AS I MAKE my way along the banks of the River Devon, a strong waft of sweetly-sick perfumed air fills my nostrils and I find myself submerged in a blush of purplish-pink flowers.

It is a large patch of Himalayan balsam, almost as high as my shoulders, and just one of the many invasive alien species that are now such a common feature of our countryside.

These aliens are a mixed bag, with some being rather benign whilst many have gained notoriety as serious pests.

The Himalayan balsam is very much in the latter camp. They grow tall and can shade out native species.

Their exploding seed capsules throw seeds a considerable distance, which can also be carried in the water making the plant a prolific coloniser along river systems.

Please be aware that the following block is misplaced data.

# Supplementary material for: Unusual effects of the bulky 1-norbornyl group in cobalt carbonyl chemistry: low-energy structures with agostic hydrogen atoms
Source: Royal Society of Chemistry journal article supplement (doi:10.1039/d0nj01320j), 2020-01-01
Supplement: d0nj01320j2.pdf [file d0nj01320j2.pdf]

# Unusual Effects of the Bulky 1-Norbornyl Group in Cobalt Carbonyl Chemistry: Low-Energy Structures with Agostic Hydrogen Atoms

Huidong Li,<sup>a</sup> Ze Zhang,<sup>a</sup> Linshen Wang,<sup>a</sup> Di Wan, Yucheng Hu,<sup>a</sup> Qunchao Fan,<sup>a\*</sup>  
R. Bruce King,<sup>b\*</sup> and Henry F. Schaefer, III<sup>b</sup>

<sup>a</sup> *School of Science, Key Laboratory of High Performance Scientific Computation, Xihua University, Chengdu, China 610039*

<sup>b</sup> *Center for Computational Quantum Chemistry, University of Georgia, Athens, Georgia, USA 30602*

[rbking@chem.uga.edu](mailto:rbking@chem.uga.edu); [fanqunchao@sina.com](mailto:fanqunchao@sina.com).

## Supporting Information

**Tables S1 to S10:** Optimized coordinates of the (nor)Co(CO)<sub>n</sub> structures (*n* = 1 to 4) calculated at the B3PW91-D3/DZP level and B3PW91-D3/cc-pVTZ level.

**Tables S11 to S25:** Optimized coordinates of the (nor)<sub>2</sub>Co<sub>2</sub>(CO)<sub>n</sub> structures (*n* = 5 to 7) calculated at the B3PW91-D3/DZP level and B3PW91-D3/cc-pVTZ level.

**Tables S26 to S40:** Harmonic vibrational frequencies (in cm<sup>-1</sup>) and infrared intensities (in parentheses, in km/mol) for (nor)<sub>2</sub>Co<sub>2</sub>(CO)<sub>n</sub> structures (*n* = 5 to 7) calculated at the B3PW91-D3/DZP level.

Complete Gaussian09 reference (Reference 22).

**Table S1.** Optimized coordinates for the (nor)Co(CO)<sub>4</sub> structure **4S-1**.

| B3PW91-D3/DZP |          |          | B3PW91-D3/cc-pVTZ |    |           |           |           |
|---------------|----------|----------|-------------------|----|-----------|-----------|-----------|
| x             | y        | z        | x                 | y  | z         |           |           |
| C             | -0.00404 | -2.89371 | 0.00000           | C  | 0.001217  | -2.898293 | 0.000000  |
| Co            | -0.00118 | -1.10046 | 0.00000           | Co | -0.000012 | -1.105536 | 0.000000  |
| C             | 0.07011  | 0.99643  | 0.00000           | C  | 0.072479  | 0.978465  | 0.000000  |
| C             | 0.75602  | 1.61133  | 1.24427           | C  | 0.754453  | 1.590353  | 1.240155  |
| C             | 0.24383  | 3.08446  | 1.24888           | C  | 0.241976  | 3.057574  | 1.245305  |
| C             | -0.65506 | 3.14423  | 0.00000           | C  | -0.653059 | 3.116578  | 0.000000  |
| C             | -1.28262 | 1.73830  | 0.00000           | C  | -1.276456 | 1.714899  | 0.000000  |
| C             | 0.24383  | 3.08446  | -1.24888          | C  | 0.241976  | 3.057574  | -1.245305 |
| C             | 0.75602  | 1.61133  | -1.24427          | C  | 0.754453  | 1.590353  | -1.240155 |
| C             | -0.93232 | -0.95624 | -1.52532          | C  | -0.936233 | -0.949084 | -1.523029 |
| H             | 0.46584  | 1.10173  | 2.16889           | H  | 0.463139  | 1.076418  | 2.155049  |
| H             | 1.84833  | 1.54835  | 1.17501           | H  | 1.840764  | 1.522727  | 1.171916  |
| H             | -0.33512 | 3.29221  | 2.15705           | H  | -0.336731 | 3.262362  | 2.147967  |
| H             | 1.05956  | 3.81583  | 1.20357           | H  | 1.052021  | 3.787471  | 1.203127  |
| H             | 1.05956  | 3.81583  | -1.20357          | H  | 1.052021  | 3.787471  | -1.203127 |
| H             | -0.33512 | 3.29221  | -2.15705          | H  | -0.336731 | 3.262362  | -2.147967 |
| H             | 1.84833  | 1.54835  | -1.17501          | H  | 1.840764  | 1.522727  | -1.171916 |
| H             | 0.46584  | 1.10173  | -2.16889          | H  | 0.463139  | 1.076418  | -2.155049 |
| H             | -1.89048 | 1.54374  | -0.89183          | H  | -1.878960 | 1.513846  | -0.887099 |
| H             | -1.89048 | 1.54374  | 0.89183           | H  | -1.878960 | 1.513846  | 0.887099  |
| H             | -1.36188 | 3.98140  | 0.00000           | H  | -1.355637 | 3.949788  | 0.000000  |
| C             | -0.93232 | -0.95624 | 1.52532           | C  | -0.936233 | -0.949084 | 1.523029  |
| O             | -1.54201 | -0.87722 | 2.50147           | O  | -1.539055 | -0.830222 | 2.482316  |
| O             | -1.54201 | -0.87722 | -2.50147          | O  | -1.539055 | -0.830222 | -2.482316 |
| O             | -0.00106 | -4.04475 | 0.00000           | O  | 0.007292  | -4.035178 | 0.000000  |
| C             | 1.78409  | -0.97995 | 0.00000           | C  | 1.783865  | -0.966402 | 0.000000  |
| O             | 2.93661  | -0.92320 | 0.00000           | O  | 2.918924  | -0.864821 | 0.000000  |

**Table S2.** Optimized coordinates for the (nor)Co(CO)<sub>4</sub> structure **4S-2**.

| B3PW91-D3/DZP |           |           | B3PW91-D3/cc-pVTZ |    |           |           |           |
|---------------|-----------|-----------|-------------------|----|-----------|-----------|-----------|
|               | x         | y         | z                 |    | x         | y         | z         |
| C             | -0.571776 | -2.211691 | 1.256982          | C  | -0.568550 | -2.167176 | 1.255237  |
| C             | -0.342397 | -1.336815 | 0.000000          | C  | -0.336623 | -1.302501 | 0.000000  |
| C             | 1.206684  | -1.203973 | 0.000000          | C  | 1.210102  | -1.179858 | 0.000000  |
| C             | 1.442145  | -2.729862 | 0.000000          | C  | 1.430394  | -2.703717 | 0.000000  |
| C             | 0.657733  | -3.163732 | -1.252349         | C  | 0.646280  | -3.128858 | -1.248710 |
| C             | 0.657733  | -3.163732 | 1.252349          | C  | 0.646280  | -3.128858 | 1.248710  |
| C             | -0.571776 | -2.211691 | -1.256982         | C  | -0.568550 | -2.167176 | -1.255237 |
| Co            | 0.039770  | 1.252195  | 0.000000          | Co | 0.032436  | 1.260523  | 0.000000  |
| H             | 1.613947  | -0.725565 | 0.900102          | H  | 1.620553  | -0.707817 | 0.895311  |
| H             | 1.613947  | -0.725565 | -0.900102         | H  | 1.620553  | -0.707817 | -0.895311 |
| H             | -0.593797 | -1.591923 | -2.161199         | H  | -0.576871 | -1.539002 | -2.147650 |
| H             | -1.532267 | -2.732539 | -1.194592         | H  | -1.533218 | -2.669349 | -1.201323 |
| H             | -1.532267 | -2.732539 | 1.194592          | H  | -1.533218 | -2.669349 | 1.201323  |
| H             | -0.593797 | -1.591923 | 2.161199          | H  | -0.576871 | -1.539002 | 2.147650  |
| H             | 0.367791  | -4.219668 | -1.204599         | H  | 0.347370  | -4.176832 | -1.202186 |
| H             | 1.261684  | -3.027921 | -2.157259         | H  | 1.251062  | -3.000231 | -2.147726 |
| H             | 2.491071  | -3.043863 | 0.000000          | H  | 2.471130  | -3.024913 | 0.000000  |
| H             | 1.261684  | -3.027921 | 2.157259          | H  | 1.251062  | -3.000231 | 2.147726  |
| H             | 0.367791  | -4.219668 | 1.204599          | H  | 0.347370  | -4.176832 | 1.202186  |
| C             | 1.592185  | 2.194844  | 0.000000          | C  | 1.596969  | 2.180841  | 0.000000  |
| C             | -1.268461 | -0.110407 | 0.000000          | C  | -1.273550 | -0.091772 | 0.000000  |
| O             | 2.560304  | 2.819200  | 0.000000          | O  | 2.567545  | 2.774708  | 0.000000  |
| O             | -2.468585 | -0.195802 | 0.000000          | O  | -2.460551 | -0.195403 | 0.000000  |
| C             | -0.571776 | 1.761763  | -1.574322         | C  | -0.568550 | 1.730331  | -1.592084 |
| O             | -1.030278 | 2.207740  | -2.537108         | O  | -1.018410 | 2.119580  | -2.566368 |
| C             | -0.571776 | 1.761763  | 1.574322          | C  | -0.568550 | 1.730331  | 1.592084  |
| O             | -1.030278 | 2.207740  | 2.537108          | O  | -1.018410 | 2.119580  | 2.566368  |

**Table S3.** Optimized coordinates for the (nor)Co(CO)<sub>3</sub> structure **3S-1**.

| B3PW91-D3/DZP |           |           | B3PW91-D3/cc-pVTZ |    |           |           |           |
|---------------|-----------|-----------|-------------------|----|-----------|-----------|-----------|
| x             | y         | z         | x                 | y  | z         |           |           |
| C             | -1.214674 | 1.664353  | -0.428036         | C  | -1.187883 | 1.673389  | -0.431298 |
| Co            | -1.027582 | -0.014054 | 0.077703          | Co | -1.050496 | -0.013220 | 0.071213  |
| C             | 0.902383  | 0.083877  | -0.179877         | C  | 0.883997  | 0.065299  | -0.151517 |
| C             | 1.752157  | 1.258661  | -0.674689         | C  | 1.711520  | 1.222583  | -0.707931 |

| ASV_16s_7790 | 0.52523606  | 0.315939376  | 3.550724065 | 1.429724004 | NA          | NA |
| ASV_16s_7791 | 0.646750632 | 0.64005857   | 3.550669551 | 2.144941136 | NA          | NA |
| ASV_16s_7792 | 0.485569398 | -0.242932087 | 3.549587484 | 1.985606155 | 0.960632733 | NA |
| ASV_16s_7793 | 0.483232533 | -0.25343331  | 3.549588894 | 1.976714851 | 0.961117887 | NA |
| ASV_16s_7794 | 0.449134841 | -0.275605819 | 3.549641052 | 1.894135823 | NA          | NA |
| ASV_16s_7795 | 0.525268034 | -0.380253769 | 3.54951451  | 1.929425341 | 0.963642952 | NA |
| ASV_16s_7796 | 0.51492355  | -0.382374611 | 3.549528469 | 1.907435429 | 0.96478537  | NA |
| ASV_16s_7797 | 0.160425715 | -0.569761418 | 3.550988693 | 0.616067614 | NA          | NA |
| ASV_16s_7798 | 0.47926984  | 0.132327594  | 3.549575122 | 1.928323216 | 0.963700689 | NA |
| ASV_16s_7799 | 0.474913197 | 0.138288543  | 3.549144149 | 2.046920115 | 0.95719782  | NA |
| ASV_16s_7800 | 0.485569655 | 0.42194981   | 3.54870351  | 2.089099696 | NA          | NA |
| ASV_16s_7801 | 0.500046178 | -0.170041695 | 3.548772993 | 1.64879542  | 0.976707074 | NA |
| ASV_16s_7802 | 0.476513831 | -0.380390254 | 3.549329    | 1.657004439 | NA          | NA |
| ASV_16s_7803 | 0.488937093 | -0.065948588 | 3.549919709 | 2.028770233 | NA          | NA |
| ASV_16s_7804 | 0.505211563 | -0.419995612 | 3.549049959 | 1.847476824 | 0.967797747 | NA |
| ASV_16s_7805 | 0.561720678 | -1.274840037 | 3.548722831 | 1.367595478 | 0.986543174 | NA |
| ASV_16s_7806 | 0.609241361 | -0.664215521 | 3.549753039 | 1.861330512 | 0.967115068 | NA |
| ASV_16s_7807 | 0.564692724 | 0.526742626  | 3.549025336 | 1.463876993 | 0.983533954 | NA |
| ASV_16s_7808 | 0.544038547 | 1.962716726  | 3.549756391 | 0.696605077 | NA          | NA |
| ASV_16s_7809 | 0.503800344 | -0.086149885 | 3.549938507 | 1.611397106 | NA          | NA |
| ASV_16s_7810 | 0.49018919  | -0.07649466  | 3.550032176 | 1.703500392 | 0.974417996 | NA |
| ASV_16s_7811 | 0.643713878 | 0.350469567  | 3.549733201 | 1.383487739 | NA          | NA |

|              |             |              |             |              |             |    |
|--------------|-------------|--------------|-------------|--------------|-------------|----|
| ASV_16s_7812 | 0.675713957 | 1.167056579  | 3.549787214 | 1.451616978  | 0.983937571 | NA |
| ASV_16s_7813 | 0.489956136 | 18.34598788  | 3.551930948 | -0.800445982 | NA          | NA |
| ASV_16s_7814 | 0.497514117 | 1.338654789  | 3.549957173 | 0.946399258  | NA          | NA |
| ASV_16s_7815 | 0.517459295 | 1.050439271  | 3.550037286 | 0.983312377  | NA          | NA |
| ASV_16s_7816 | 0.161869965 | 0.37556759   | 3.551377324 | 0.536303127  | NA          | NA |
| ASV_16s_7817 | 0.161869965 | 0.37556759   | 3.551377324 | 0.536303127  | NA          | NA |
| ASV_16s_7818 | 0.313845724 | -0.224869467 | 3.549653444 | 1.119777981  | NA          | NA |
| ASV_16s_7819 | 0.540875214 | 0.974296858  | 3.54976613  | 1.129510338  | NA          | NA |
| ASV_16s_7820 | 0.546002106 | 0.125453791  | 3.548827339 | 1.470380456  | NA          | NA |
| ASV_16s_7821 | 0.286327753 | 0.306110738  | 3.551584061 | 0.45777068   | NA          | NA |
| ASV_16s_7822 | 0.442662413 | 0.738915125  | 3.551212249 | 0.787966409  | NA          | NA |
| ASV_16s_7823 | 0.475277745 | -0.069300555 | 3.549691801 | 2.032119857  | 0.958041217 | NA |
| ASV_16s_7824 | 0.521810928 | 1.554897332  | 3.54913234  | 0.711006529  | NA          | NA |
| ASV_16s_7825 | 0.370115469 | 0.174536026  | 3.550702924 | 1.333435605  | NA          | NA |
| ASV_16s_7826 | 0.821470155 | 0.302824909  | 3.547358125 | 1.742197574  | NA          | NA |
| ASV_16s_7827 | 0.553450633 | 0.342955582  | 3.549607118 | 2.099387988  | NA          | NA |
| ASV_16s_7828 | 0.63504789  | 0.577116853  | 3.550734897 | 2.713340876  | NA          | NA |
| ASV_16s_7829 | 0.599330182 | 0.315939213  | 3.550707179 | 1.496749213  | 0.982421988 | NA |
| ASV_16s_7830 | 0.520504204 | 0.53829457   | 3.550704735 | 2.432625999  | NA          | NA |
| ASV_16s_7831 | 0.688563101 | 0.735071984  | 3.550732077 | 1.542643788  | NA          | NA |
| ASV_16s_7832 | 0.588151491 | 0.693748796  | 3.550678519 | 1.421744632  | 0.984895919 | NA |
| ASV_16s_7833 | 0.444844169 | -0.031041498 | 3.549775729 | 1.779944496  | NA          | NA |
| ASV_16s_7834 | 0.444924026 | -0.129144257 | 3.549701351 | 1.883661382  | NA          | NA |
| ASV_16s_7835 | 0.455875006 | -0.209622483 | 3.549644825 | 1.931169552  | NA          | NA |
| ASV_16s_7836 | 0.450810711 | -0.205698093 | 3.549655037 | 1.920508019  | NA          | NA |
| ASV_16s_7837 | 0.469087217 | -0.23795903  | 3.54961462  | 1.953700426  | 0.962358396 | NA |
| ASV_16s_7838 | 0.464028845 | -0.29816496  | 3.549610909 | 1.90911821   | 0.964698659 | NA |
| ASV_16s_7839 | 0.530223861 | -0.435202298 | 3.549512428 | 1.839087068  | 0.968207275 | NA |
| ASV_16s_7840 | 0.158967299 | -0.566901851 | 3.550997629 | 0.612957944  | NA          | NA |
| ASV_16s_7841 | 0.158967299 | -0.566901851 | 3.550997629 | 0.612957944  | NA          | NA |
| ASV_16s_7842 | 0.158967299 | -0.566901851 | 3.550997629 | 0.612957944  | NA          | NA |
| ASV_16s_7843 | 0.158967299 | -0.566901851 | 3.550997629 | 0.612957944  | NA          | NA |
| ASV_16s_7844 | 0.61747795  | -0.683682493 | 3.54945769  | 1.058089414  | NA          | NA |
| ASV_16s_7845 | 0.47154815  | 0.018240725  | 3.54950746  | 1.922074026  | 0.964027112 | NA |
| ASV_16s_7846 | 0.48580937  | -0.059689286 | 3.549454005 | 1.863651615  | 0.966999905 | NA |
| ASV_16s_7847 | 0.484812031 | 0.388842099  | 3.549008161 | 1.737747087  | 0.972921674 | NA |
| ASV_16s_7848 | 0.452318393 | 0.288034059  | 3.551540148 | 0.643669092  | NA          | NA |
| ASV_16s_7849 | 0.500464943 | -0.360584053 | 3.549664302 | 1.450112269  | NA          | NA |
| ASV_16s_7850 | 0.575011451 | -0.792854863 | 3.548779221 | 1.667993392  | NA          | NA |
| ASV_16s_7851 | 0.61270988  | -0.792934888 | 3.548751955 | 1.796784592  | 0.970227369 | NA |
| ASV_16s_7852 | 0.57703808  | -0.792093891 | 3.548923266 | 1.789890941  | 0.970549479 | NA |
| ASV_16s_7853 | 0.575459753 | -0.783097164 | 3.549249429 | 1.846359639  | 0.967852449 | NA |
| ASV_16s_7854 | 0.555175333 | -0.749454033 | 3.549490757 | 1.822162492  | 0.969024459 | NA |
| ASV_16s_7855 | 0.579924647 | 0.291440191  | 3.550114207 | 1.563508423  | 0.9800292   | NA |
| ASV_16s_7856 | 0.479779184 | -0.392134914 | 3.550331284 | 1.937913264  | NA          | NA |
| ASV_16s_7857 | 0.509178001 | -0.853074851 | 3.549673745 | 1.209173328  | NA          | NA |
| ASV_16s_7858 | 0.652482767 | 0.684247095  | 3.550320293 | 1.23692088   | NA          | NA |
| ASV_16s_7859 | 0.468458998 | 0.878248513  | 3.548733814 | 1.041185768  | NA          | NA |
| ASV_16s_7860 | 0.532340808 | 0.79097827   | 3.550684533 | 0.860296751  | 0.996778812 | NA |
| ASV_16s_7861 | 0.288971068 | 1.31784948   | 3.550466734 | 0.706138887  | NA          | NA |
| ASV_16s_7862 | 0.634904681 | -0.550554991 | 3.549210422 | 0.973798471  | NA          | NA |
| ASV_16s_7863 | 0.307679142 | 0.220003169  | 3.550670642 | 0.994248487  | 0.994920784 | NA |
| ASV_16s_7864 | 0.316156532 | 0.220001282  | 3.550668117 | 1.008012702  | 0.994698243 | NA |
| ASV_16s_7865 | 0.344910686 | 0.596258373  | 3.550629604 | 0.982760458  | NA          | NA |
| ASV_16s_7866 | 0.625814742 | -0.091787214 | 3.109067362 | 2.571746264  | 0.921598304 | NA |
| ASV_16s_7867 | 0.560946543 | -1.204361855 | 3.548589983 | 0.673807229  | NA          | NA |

But the Himalayan balsam is a mere pussycat when compared to the Japanese knotweed with its dense bamboo like stands that can totally dominate large areas of ground.

Another undesirable alien down by the banks of the River Devon is the American mink. They are one of the main reasons why water voles are so scarce, and I shudder to imagine the devastation a mink could wreak upon a sand martin colony.

Interestingly, this is the first year I can recall in recent times where I have yet to see a mink by the River Devon – perhaps they are on the decline?

But there are other less harmful arrivals by this Clackmannanshire riverbank – most notably the yellow blooms of monkeyflower which thrives on shingle banks in the river and which is a native of North America.

Earlier in the season, some parts of the river were ablaze with the pastel pinks and whites of dame’s violet, another most attractive garden plant that has now become widely naturalised in the countryside.